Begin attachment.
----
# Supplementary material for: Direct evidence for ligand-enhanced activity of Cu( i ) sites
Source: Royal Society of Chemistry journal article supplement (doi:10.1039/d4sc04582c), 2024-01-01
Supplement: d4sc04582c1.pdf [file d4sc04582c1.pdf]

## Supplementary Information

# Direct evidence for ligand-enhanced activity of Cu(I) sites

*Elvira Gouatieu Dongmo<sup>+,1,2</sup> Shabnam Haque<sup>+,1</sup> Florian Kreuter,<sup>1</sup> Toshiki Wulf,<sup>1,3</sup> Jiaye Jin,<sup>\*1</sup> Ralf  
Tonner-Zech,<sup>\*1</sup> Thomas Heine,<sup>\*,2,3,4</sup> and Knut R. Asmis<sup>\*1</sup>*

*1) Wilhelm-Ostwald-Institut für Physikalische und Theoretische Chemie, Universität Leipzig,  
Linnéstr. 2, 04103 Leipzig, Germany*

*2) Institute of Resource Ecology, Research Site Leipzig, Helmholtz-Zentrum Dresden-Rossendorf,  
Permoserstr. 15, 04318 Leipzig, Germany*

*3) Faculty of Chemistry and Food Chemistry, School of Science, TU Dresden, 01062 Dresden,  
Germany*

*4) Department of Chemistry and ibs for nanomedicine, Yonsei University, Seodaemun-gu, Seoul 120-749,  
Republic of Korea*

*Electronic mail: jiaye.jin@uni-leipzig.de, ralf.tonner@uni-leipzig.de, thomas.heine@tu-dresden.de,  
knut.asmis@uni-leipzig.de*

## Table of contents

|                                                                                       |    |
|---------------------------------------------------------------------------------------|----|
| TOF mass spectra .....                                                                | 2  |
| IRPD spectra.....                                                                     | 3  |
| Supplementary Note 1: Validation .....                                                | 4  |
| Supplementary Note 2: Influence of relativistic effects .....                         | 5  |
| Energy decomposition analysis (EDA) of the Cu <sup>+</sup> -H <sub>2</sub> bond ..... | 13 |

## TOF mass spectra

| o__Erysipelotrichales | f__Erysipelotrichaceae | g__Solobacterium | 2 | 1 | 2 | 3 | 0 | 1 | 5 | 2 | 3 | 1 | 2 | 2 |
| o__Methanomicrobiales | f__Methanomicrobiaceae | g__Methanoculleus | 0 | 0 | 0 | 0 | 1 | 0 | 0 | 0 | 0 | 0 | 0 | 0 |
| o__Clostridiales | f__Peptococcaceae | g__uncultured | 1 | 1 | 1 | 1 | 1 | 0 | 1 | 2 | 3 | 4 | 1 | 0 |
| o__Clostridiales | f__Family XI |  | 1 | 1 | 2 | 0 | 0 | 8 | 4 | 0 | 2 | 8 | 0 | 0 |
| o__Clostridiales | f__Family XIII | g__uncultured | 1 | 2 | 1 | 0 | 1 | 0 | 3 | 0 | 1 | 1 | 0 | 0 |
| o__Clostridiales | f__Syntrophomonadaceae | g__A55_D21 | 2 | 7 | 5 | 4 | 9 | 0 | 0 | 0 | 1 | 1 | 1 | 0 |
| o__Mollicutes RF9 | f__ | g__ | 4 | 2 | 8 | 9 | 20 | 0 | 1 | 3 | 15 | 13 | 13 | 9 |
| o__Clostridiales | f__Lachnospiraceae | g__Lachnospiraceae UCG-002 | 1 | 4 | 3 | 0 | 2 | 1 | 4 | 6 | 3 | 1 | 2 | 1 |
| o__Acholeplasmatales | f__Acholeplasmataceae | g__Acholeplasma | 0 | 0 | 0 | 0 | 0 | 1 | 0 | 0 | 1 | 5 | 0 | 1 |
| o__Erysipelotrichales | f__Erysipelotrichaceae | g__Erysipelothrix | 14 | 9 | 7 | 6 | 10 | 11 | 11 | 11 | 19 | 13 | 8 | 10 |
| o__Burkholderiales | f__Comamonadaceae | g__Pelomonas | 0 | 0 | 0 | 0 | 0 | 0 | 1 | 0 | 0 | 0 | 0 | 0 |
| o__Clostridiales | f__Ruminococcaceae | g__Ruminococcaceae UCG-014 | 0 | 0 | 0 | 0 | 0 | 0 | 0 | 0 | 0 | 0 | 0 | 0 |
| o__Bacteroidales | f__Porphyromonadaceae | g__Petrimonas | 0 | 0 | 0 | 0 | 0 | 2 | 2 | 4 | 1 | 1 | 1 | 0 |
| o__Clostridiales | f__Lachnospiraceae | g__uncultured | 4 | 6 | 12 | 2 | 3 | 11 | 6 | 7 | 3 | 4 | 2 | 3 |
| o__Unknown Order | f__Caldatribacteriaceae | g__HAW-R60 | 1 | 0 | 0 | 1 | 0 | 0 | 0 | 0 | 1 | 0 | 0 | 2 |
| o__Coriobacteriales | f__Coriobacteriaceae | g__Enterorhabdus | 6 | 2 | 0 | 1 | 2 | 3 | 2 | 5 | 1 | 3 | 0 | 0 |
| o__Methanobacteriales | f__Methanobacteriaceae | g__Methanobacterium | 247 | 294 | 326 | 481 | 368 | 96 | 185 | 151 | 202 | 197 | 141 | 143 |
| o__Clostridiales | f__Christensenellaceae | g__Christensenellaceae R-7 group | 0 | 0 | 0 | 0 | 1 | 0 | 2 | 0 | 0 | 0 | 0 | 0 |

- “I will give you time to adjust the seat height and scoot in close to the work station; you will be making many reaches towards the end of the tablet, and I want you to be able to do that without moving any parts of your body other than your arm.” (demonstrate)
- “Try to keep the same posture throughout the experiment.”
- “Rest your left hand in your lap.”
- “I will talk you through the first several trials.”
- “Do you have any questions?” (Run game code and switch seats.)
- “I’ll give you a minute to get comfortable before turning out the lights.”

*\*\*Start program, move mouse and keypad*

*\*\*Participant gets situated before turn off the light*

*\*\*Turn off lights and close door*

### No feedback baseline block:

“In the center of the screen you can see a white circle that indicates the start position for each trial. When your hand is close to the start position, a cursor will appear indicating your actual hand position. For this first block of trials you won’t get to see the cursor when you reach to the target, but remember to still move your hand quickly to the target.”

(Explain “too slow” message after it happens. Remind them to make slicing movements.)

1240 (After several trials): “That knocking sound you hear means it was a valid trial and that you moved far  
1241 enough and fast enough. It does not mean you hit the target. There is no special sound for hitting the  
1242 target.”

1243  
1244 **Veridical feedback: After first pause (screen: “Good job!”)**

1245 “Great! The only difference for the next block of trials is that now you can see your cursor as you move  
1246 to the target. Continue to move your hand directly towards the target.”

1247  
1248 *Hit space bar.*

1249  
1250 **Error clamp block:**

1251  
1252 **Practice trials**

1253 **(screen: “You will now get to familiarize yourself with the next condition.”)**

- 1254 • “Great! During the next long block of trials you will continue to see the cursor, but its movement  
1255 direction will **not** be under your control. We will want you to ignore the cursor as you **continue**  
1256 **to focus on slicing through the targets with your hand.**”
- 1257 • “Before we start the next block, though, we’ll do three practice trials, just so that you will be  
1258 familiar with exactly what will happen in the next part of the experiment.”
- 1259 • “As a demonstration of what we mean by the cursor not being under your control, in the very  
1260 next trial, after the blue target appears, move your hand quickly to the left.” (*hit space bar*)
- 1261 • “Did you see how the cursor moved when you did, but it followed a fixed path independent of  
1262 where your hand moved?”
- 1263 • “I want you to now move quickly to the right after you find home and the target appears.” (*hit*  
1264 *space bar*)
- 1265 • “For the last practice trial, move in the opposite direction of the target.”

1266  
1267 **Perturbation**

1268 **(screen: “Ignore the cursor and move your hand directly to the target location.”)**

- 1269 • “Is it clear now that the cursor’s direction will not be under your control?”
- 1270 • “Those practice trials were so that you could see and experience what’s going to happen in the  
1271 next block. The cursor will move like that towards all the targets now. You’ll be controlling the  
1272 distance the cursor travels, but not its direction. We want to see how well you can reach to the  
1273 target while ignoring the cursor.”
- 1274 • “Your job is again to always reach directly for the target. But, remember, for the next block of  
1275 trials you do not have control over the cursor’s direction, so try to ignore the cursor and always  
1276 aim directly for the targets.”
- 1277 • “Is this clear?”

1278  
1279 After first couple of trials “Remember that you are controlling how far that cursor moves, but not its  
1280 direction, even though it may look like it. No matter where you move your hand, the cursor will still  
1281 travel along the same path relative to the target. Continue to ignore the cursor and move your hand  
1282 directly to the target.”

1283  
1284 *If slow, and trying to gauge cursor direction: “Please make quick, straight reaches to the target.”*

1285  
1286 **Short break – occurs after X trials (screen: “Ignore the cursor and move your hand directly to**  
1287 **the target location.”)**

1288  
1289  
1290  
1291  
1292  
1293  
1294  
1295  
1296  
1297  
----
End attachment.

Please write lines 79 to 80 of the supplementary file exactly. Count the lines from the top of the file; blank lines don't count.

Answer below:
1262 where your hand moved?”
- 1263 • “I want you to now move quickly to the right after you find home and the target appears.” (*hit*  